Tuesday, June 17, 2008

Houses and the incredible shrinking dollar..

The move across town went well, so here I am a day early, still sitting among boxes but otherwise established enough to sit down and write. We had to pare down our belongings enough to squeeze the contents of a 5 bedroom house and attached double garage into a 3 bedroom double-wide and 8x12 shed. Mission accomplished. It's always easier to pitch stuff in the trash or give it to thrift shops then it is to grease and shoe-horn everything into less space. We probably still have too much when you consider how long it's taking for us to find a place for everything. I have a feeling we're not quite done pitching stuff.
Let me tell you what we are finished with though. We're finished paying usury; at least usury in the form of mortgages. If you're going to pay for a house 2 or 3 times over the next 30 years, you may as well rent. At least then, if the plumbing breaks, it's the land-lord's problem not yours. Oh, I know all the arguments for owning: you can deduct mortgage interest, but not rent payments; when you sell your 'investment' you get to keep any 'profit', not your land-lord; when you own, you can add on, improve, remodel as you please. Well, the mortgage interest deduction doesn't amount to much when you're single income to start with. The so-called 'profit' I made on my house is but a fraction of the usury I paid while I lived there, and who the heck wants to remodel anyway? Constant change just because we can is a modern addiction. There ought to be a 12-step program for compulsive remodelers and improvers. The last real improvement in houses occurred when indoor plumbing and electric lights were invented, and contrary to modern opinion, these aren't necessities. Think about all the centuries mankind did without both! If these aren't necessary, then surely every improvement since then has been window dressing. And very expensive window dressing at that.
Previous generations had a far different view of housing then we do today. For the most part they thought of it as functional shelter, a place to maintain body temp, a durable good, like a car or a refrigerator. Not an investment and not a status symbol; not a place to store more and more junk, but a corner out of the wind. Back in 1969, my parents bought a 2 story, 5 bedroom, 1 bath house, a small barn and two other out-buildings, all on 2 acres on the outskirts of town. The plain and sturdy house featured one electrical outlet in each room and usually, but not always, one electric light mounted on the ceiling of each room. That was the extent of the luxuries included in the home. The lawn sprinkler system was a hose with an oscillating sprinkler on the end, which we physically moved every half hour or so, when we needed to irrigate at all. The garage was the dirt track that ran between the house and barn. But there was enough ground to plant a huge garden and graze chickens and a calf or two every year. My parents paid a whopping $11,000 for it. I would gladly pay 4 or 5 times that amount for something similar today, but 20 or 25 times is probably more realistic.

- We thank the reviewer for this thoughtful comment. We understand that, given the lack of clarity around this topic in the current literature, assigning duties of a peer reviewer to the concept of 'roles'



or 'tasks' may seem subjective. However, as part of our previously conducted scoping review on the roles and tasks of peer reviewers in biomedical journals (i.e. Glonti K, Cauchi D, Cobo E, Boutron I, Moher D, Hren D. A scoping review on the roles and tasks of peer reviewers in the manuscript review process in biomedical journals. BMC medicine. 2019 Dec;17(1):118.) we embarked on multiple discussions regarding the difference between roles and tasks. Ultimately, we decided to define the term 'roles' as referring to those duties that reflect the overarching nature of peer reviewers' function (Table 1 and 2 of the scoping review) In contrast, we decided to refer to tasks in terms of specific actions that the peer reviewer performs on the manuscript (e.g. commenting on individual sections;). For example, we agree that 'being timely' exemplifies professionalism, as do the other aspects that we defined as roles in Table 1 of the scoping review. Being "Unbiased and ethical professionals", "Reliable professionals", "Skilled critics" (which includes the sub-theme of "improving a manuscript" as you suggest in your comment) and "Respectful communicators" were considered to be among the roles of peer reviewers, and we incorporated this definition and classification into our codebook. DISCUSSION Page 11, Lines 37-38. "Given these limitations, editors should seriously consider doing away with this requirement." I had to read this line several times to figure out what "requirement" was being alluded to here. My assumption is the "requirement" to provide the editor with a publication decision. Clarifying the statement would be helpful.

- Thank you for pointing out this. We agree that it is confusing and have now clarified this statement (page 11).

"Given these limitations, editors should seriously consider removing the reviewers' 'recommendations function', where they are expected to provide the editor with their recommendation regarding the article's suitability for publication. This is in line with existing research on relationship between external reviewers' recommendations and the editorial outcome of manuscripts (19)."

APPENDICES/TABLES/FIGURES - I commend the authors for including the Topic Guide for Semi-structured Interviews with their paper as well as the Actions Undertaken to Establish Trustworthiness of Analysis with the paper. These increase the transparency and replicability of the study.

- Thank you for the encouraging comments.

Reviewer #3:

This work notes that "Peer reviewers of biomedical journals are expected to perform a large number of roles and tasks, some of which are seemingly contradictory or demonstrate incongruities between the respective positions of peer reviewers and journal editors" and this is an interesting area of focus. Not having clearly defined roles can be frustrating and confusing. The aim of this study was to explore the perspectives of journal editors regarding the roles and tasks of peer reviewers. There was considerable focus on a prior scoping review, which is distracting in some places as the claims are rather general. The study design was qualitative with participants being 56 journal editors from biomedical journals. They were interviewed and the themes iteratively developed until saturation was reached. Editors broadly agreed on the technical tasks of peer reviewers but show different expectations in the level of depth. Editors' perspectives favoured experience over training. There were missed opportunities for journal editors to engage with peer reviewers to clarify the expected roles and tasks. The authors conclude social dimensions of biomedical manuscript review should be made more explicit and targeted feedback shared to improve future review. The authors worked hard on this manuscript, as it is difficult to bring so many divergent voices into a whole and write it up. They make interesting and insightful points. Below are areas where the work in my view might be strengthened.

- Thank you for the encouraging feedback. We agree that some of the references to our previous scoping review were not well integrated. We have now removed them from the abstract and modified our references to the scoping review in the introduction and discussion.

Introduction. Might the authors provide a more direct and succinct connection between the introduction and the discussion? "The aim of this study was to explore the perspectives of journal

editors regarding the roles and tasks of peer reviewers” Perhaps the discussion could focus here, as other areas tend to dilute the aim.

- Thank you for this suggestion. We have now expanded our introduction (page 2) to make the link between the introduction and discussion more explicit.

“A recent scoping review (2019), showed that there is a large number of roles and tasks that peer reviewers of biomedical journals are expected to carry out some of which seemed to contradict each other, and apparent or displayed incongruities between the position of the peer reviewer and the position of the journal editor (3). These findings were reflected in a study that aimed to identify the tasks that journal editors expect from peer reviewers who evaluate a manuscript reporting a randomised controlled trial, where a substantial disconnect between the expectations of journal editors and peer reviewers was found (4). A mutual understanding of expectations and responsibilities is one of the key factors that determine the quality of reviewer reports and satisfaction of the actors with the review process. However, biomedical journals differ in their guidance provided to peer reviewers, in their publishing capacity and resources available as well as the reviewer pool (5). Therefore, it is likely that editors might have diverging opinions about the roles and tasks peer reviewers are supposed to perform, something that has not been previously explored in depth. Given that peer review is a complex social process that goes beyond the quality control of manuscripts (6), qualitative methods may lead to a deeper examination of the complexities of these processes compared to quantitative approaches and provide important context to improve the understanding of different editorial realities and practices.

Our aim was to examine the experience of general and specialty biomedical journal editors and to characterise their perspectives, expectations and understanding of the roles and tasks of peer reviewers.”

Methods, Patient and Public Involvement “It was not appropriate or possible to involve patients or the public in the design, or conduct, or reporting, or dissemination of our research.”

Instead, the minuscule 'profit' I just made on my suburban house, which incidentally was on a tiny fraction of an acre lot, wouldn't purchase what I'm currently living in. I'm living in a 30 year-old double-wide set up on concrete blocks, on a tiny rented lot. I could perhaps buy the tiny lot, or the glorified refrigerator box that sits on it, but not both. But, it would have bought my parent's first house lock, stock and barrel, with money to spare. I am deeply offended by that.

Wednesday, May 21, 2008

Odds and ends...

I'm about to get extremely busy, so I thought I'd better post something while I still have the time. Our trip to Rayville Missouri was both illuminating and sobering. It was sobering to see the actual physical state of the village. Most of the buildings are in need of repair and clearly this small town has seen better days. Unfortunately, this is the case throughout farm and ranch country from the Mississippi to the Pacific, and probably east to the Atlantic too, but I'll stick to reporting what I've actually seen. It is so sad to see once thriving main streets all boarded up and falling down. I'm sure the village of Rayville owes it's continuing existence to reasonable real estate prices and the easy commute to Kansas City and other larger towns in the area.